Here it is: the third and final act. In short, the human spirit triumphs like every other bullshit movie out there. Cooper goes through a black-fucking-hole and finds himself trapped in a yarn maze which symbolizes the fifth dimension, in which he can see every possible outcome of every possible choice for any given point in time. Essentially, any parallel universe for any decision he’s ever contemplated in his life. And then we find out HE was the gravitational anomaly affecting his family the whole time. But the major flaw in the logic here is: what started the initial push? Cooper is only in the fifth dimension because someone put it there, and even if he had originally placed it there FOR himself, he’d still needed to have gone into it initially to set up THAT potential future. In short, the movie throws us a “which came first, the chicken or the egg” argument where the answer is a fucking megalodon shark. If that sounds immersion breaking, that’s because it is. Then we see Cooper reunite with his daughter, and even though he’s like five billion space-years old, he hasn’t aged a bit in this universe, whereas his dying daughter is the old age of ninety-plus on her death bed. A glaringly stupid time travel cliche, where Cooper doesn’t age a shred while his daughter does.
Ugh. Now, all of this could’ve been remedied had Nolan not made Cooper the reason for the fifth dimension existing. All throughout the movie they’d hinted at some greater, trans-dimensional being as the catalyst for these events. If they’d stuck with that, it would’ve been far more feasible and still retained that level of mystery and intrigue that the third act was trying so hard to capture. Even if it was just an ominous rift in space that was described as the being, as long as it communicated in some way, that still would’ve been better than the Cooper-solves-it-all ending we got.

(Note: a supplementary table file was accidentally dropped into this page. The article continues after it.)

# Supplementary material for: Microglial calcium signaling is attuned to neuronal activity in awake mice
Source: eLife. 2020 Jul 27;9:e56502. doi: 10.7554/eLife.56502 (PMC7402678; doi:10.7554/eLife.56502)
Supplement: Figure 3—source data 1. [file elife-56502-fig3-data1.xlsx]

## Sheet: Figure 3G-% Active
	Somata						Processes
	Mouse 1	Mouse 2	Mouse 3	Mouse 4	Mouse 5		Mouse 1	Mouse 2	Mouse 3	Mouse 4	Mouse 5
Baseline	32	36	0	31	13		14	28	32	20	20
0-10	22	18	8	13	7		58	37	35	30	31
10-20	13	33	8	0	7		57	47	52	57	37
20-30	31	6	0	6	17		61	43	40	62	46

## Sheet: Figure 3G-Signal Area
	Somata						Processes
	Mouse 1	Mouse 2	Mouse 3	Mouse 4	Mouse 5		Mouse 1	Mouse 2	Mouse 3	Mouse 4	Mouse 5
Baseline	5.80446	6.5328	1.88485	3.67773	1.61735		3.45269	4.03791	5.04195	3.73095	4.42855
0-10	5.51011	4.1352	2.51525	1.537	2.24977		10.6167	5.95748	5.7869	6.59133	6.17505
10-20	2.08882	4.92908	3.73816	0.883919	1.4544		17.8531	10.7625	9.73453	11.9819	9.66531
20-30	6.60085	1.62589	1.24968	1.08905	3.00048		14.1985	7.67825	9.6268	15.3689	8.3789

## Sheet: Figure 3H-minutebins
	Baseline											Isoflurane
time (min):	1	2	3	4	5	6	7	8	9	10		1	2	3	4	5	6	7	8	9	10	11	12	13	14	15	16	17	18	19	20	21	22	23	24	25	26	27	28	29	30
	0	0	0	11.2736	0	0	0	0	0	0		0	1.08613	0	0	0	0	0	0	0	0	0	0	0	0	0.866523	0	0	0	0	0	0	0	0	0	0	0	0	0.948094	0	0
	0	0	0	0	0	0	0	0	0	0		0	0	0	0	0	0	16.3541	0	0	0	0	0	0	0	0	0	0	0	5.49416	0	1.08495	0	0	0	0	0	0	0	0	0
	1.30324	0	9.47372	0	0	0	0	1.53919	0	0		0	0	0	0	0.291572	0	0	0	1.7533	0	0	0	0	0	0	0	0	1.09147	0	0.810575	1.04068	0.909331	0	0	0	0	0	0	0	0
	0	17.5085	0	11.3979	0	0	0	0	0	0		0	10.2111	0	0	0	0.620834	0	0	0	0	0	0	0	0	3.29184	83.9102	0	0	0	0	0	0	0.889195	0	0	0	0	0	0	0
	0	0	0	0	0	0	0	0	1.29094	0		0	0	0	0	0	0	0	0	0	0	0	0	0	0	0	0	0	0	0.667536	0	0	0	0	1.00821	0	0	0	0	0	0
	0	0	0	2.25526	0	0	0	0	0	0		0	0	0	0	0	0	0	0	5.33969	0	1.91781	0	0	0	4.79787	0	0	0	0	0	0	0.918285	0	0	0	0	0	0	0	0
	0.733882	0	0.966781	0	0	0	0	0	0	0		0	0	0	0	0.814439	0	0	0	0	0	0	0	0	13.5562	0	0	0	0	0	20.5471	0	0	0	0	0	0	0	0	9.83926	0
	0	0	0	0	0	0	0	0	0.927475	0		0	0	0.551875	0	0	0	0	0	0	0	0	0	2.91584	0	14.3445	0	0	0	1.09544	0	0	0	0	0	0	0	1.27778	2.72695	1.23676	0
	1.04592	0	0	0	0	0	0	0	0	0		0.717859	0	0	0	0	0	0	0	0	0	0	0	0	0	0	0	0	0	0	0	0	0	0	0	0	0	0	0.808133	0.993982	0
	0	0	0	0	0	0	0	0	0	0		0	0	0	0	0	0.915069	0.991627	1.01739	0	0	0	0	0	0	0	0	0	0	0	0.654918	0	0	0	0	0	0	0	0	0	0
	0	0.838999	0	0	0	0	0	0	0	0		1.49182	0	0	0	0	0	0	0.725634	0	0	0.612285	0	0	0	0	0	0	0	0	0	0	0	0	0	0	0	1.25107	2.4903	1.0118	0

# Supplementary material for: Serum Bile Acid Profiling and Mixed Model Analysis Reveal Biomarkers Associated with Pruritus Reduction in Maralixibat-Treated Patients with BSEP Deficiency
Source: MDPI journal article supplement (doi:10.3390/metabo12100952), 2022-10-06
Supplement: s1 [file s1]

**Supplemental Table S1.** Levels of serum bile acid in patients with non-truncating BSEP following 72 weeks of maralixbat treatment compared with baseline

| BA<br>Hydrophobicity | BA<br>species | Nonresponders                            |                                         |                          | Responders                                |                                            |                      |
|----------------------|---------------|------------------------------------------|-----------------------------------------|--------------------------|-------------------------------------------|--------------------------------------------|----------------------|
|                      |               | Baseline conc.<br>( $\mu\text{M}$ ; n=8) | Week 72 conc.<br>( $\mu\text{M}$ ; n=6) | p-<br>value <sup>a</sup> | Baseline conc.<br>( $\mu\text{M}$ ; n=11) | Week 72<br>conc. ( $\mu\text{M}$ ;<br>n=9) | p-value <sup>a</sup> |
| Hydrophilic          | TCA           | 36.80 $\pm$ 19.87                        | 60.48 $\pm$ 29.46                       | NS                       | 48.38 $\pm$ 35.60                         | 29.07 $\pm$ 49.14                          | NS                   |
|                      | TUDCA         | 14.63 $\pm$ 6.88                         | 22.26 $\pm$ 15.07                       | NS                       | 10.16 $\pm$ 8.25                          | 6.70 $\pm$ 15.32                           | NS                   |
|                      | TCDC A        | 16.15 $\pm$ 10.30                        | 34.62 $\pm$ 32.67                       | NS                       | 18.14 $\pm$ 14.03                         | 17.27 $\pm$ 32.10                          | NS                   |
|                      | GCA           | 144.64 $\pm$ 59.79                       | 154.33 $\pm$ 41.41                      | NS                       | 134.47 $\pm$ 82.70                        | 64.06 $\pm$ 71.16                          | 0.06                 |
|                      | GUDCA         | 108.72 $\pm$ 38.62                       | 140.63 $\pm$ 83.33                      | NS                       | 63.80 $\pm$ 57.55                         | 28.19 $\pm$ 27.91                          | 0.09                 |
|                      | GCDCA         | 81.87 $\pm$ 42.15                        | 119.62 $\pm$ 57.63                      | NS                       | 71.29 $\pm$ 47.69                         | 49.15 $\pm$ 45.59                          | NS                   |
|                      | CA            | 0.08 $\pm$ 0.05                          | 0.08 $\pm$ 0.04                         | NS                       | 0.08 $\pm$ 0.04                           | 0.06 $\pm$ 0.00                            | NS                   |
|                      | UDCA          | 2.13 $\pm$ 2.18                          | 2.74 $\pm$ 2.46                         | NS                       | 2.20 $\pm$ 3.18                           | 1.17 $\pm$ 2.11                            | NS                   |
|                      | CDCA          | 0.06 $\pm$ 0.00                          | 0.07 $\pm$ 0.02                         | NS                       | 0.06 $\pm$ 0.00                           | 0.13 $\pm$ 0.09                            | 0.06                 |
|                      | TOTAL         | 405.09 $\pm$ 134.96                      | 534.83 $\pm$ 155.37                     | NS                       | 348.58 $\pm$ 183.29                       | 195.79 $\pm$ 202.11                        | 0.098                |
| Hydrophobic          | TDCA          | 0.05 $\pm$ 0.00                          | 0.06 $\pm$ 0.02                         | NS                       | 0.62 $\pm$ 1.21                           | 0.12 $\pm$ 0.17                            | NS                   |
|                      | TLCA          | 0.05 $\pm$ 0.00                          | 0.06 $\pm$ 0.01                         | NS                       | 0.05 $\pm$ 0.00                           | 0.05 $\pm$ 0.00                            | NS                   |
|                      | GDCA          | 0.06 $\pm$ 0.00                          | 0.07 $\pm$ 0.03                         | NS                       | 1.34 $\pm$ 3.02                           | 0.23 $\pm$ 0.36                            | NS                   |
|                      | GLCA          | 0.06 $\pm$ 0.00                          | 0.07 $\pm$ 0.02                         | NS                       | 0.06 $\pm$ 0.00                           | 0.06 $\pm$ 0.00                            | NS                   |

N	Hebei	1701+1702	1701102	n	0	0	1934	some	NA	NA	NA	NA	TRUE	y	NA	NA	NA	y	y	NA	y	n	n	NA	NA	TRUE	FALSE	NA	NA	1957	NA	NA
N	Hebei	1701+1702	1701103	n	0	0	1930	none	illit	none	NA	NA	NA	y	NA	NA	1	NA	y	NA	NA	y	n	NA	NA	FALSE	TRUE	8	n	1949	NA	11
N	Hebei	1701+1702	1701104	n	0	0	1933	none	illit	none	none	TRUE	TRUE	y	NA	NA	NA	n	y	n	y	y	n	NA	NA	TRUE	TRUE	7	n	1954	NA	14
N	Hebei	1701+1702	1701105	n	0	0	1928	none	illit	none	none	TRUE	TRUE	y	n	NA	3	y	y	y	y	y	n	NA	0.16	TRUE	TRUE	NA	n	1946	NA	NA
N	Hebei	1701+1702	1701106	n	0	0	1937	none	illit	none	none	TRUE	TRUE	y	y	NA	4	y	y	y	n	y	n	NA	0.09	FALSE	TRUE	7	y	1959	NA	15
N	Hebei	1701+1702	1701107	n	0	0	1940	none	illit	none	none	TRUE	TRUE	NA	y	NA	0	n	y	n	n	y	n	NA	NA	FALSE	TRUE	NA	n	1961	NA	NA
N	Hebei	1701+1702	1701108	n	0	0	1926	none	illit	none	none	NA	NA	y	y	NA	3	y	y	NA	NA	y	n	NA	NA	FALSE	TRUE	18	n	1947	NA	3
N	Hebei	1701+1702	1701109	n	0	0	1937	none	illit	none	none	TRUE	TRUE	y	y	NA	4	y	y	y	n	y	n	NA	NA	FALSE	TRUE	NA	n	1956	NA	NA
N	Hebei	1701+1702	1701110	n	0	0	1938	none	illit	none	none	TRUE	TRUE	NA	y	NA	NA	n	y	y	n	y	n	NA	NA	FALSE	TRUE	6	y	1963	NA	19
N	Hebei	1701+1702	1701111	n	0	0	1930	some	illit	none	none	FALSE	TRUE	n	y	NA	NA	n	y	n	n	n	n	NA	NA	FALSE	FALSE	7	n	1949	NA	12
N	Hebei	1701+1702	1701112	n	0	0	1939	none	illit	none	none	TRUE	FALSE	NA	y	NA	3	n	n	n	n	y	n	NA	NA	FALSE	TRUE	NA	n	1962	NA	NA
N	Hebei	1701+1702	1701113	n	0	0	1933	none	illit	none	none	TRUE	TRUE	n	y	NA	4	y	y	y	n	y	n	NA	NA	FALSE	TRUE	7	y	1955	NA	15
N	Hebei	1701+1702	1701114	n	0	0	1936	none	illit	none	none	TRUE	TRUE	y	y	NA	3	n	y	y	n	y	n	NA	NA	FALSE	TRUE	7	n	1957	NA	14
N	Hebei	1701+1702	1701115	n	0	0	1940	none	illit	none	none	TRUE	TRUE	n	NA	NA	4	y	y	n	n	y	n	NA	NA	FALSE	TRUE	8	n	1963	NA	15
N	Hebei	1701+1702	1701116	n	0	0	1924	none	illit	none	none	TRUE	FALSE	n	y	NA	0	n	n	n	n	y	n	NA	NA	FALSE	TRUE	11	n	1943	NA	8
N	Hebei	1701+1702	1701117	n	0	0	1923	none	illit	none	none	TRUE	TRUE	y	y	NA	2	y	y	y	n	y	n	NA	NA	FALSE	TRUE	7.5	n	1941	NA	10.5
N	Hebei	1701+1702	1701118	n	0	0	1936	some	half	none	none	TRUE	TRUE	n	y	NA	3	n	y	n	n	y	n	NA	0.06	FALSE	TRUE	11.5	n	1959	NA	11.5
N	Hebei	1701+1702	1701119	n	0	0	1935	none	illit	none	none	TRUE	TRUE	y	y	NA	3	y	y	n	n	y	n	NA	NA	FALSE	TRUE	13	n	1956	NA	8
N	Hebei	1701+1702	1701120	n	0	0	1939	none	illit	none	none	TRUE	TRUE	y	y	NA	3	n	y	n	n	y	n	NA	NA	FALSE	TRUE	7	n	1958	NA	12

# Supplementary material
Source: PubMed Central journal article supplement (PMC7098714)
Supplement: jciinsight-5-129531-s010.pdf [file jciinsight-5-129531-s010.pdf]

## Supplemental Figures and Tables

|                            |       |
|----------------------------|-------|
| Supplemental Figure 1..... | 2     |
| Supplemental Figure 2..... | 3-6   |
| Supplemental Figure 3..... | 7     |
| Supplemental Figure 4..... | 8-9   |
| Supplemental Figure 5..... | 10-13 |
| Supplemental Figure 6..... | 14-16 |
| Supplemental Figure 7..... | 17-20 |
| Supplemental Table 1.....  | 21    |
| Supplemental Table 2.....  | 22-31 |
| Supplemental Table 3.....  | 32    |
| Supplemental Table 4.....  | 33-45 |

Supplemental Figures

Now, I bitched pretty hard about that final act, and it’s not because I hated it (I just thought it was kind of poor and belonged in a far less quasi-realistic sci-fi movie) but rather because I loved the rest of the movie soooo much by comparison. I mean, right in this review I’ve provided two better endings for the film, so I am amazed that they let Christopher Nolan and his brother Jonathan Nolan just spew this final act out onto the screen without any sort of supervision.
In terms of acting, everyone is fantastic. Matt M (his last name is a pain to spell) kills it as Cooper, Matt Damon gives an amazing (literally amazing, like, wow) performance for a role that really steps outside of his regular comfort zone, and even though I’m not a big fan of hers, Anne Hathaway is stellar as well. Bill Irwin was surprisingly my favorite character in the whole movie, and all he did was voice act an extremely cool robot companion named TARS, so props to him for outclassing everyone else without even appearing on-screen.
Most of the above praise of TARS is due to the great dialogue and just overall fantastic writing. Nearly every bit of the script can be qualified as “that one amazing line from that one movie”, except for it’s an entire three hour journey of that. Which is why I am saddened that Anne Hathaway’s dialogue is so campy at times and why the third act is so poorly written, as these two things really detract from a previously near-perfectly written movie.
Visuals are amazing <insert an overabundance of gratuitous compliments for the multitude of CGI artists>, as is to be expected. Hans Zimmer creates one of the most haunting space soundtracks of all time, and I was surprised as I thought I’d seen his entire range after Inception, TDK trilogy and TASM2. Once again, Zimmer proves us mere mortals wrong.
In short, go see Interstellar. I originally went to see this movie for the sole purpose of catching the Avengers: Age of Ultron trailer in cinemas, I shit you not. But when that trailer didn’t air, I got a three hour near-masterpiece as a very acceptable consolation prize.